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Old 04-27-2010, 03:21 PM   #1
The stranger
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Default Locking up the front wheel

So this morning I did something stupid. I was just leaving my place going down a road when I'm approaching an intersection. In my sleepy morning daze I was watching out for left-hand turners but what i should have been doing is also pay attention to the traffic light. Suddenly I 'wake up' and notice the light has gone red and panic. I grab a handful of the front brake, as well as press down on the back break. As a result of too much force, I locked up the front wheel for the first time and it suddenly starts swerving from side to side (not quite a tank-slapper, but not a million miles from it). LUCKILY the bike stayed upright and I managed to come to a stop before the light. I learned a few lessons:

1) WAKE UP! Pay attention, not doing so almost cost me my life/intact limbs/bike/dignity
2) Don't panic and grab the front brake

One thing I'm not sure of though is WHY the bike didn't topple over? Maybe it was just me but I felt the swerving was pretty violent and in the middle of it I felt like a gonner. I was going at 50km/h, and might have eased on the front brake. Is that what ultimately stopped a bad situation from becoming worse? Let me know if you guys have any insight on this, and feel free to berate me for being stupid and not paying attention.
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Old 04-27-2010, 03:36 PM   #2
ejis
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Are you sure that it was the front that locked and not the back? Typically, a rear wheel lockup makes the bike feel like it's swerving significantly, even though it's generally more stable than it feels. And typically, a trully locked front wheel becomes a lowside very quickly, but if not feels very jerky, bucking the front end around as the fork compresses and extends.

Either way, glad you made it without more than a soiled seat! If, in fact, it was the rear wheel that locked, the common wisdom is to keep it locked until you're stopped because if you regain traction with it off to the side, you run the risk of a high-side. You will almost certainly be able to keep the bike upright with the rear wheel locked, even if it doesn't feel very comfortable.

With a front wheel lockup, on the other hand, immediately decrease brake pressure to get the front spinning again, then squeeze the lever to increase pressure and slow down. You always want to squeeze the lever (or pedal), applying pressure smoothly, as this give the bike time to settle the suspension and transfer weight without upsetting the bike's balance. Don't grab the brake aggressively, even if you need to apply it very quickly.
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Old 04-27-2010, 04:15 PM   #3
Dr_Sprocket
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I agree with Ejis, that if you locked the front and the wheel was not pointed straight forward, you would very quickly meet with the ground. It was more likely, based on your description, that you locked up the rear wheel.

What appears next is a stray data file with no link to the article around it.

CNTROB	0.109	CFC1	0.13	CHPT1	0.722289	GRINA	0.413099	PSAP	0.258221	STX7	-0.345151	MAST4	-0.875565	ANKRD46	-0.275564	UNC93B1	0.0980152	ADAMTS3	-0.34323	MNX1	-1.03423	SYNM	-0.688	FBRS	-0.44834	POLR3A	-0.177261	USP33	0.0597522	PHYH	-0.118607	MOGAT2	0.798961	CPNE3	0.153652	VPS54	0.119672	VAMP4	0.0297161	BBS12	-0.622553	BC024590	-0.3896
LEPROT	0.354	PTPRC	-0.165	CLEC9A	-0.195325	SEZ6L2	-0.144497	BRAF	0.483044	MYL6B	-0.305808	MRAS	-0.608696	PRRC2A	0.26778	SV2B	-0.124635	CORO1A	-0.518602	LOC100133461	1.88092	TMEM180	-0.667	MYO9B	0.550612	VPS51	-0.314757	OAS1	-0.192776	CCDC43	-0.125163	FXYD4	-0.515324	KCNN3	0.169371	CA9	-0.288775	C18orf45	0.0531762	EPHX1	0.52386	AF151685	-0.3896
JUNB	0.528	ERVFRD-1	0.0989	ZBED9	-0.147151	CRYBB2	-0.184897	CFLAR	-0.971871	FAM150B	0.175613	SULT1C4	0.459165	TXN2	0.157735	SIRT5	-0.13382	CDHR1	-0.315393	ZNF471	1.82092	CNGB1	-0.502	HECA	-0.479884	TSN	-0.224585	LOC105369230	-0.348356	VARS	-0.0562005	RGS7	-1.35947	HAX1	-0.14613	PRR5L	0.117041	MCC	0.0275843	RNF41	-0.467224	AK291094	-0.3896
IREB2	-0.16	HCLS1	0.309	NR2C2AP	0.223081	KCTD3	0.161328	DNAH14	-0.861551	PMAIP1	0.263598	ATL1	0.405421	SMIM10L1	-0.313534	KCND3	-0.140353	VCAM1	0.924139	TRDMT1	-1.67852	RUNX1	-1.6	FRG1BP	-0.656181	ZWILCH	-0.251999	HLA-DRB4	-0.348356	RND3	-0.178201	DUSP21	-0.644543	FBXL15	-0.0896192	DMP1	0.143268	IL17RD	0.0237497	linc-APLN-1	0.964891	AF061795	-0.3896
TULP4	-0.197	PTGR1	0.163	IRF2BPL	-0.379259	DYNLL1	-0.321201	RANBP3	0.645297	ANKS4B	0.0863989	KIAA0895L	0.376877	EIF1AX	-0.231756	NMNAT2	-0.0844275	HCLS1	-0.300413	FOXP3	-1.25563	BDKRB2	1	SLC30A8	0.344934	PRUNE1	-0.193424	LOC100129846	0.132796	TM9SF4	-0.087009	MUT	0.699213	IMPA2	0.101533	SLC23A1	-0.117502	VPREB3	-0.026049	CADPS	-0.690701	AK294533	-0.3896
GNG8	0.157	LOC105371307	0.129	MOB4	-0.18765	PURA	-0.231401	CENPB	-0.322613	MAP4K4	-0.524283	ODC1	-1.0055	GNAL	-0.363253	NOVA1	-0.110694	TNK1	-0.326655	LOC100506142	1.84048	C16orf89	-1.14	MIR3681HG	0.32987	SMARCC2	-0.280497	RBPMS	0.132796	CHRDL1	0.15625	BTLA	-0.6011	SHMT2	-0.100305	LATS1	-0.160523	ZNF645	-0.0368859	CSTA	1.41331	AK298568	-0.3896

It's always a good reminder to pay attention, no matter how tired we are or how early/late in the day. If you are too tired to pay attention, then best to leave the bike at home.
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Old 04-27-2010, 04:28 PM   #4
The stranger
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Hi ejis, thanks for the response. I assumed I locked up the front since the handlebars started wagging from side to side, but perhaps it was the effect of the rear wheel wagging reverberating through the rest of the bike? Hard to tell as in the heat of the moment, I was more focused on how much it was going to hurt hitting the ground than on what exactly the bike was doing. Also, I practice panic stops from time to time and I use the back brake less, but again, in the middle of panicking, it's hard to tell exactly what I did.

This was the first time I've ever lost control of the bike like that. I don't think I took the pressure off the back break. Thinking it was the front might have actually saved me from a high-side.

Dr. Sprocket - Thanks for the input. I can't argue with the insight of two experienced riders, it must have been the rear brake then. That was not a pleasant way to learn what that feels like. And you're absolutely right, city riding+not being focused = disaster waiting to happen. Lesson definitely learned!

Last edited by The stranger : 04-27-2010 at 04:36 PM.
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Old 04-27-2010, 06:45 PM   #5
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I'll second (or 3rd) ejis here, and (likely) as the rear went back & forth, all you remember is trying to correct the steering, hence feeling like the front end was moving. You should've also been unloading some gears, the tranny will do wonders slowing a bike. Regardless of what you did right or wrong, the reduced speed alone could've broken the skid & I'm glad to read the story first party. When your in a panic situation your second nature & skills youve developed usually take over. I low sided my bike on ice this winter into a snow bank not injuring myself & hardly at all damaging the bike, and honestly was impressed with how I handled the situation. You'll handle it better if there is a next time.
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